Should an employer run credit reports on potential new employees?

Does a person’s credit situation really reflect their ability to do a job?

U.S. Sen. Elizabeth Warren, a Massachusetts Democrat, introduced legislation that would prohibit employers from requiring job applicants to disclose their credit history.

employee

U.S. Sen. Elizabeth Warren

In a conference call with reporters, Warren argued that a person’s poor credit history is often the result of medical bills, job loss or divorce and does not reflect his ability to perform a job.

A credit reports includes information on the bank accounts and credit card accounts opened by a person and whether those accounts are paid up. It indicates liens, bankruptcy filings and court judgments. A 2012 report by the Society for Human Resource Management found that around half (47 percent) of companies conduct credit checks on some or all prospective employees.

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MUSINGS BY DIANE:

Over the years I have hired many employees – some great and some not. Having the skills necessary to do the job is important, but equally important is having the peace of mind to be able to concentrate on the job. Someone with a bad personal situation can directly affect their ability to do their job. Does this “bad personal situation” include their financial condition? Personally, I think not because that problem can be addressed. Employers should be cautious when using a credit report to determine a person’s ability to do a job because they will miss out on some wonderful employees who had a bad situation for a while.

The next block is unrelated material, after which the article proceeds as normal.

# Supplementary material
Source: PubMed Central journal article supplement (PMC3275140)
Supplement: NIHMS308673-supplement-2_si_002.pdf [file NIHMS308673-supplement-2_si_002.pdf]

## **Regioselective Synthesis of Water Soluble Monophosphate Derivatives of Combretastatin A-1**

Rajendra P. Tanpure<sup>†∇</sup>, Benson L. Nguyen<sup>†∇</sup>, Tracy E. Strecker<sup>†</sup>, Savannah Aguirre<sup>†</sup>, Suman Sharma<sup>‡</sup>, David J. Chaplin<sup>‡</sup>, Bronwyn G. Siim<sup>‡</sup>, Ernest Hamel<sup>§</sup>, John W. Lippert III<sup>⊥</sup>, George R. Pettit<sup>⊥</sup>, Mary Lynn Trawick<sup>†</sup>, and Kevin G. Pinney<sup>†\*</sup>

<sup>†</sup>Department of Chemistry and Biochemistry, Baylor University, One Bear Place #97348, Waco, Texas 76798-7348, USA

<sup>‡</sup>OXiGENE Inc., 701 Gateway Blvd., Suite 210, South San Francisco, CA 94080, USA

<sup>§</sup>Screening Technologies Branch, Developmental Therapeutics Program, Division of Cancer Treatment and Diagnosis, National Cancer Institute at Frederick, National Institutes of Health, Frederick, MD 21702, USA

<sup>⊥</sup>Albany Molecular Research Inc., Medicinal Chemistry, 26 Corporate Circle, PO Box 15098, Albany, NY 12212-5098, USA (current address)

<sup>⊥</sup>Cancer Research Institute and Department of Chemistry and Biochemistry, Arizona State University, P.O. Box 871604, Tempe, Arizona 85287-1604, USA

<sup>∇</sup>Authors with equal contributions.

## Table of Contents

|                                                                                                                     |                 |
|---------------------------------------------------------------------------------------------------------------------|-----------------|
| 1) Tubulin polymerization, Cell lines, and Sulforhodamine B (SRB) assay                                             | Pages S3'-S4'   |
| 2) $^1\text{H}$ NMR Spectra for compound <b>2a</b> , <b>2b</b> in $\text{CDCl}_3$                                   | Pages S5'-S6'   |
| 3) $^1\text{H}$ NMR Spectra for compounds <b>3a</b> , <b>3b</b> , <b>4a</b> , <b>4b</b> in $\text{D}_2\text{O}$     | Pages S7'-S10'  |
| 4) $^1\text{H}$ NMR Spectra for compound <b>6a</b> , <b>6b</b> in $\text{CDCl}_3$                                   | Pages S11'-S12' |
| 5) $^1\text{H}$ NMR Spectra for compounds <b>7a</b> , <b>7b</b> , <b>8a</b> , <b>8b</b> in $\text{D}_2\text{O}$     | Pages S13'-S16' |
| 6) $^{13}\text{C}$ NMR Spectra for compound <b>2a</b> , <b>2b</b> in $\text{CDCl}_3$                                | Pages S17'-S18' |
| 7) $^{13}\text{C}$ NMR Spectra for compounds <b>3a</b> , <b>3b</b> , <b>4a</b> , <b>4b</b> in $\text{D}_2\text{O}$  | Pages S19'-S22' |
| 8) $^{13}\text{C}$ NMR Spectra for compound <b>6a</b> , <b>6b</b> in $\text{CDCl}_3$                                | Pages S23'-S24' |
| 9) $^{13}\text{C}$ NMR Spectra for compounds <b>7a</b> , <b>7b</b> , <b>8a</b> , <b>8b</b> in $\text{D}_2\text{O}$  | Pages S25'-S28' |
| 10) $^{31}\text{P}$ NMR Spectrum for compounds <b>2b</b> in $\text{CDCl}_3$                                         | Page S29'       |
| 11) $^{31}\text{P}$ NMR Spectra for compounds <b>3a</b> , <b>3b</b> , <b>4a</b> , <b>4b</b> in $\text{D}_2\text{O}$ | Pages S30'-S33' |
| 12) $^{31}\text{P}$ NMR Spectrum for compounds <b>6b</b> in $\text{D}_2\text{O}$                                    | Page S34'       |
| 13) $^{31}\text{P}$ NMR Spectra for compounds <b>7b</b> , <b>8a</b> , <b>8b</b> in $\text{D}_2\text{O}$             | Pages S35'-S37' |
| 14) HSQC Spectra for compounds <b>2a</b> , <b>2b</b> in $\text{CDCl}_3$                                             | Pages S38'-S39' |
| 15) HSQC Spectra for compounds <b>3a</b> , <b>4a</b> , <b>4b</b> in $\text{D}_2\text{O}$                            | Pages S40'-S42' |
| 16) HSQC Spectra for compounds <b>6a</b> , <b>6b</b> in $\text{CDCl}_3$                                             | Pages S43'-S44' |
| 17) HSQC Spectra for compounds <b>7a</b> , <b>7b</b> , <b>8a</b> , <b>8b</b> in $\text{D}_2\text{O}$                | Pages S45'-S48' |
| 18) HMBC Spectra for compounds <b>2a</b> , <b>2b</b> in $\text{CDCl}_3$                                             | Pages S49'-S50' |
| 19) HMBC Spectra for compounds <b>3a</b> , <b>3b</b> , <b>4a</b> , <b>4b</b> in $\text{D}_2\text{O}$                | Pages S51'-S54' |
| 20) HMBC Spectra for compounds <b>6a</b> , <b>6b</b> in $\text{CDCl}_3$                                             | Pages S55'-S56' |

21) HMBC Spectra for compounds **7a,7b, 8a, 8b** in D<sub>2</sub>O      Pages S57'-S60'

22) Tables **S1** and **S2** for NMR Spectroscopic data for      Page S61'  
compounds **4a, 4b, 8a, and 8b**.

Published On: December 22nd, 2013By Categories: Consumer Issues, Credit Report, General Legal IssuesComments Off on Bill to Prohibit Running Credit Checks on Job CandidatesTags: ,

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Diane is a well respected Arizona bankruptcy and foreclosure attorney. As a retired law professor, she believes in offering everyone, not just her clients, advice about bankruptcy and Arizona foreclosure laws. Diane is also a mentor to hundreds of Arizona attorneys. *Important Note from Diane: Everything on this web site is offered for educational purposes only and not intended to provide legal advice, nor create an attorney client relationship between you, me, or the author of any article. Information in this web site should not be used as a substitute for competent legal advice from an attorney familiar with your personal circumstances and licensed to practice law in your state. Make sure to check out their reviews.*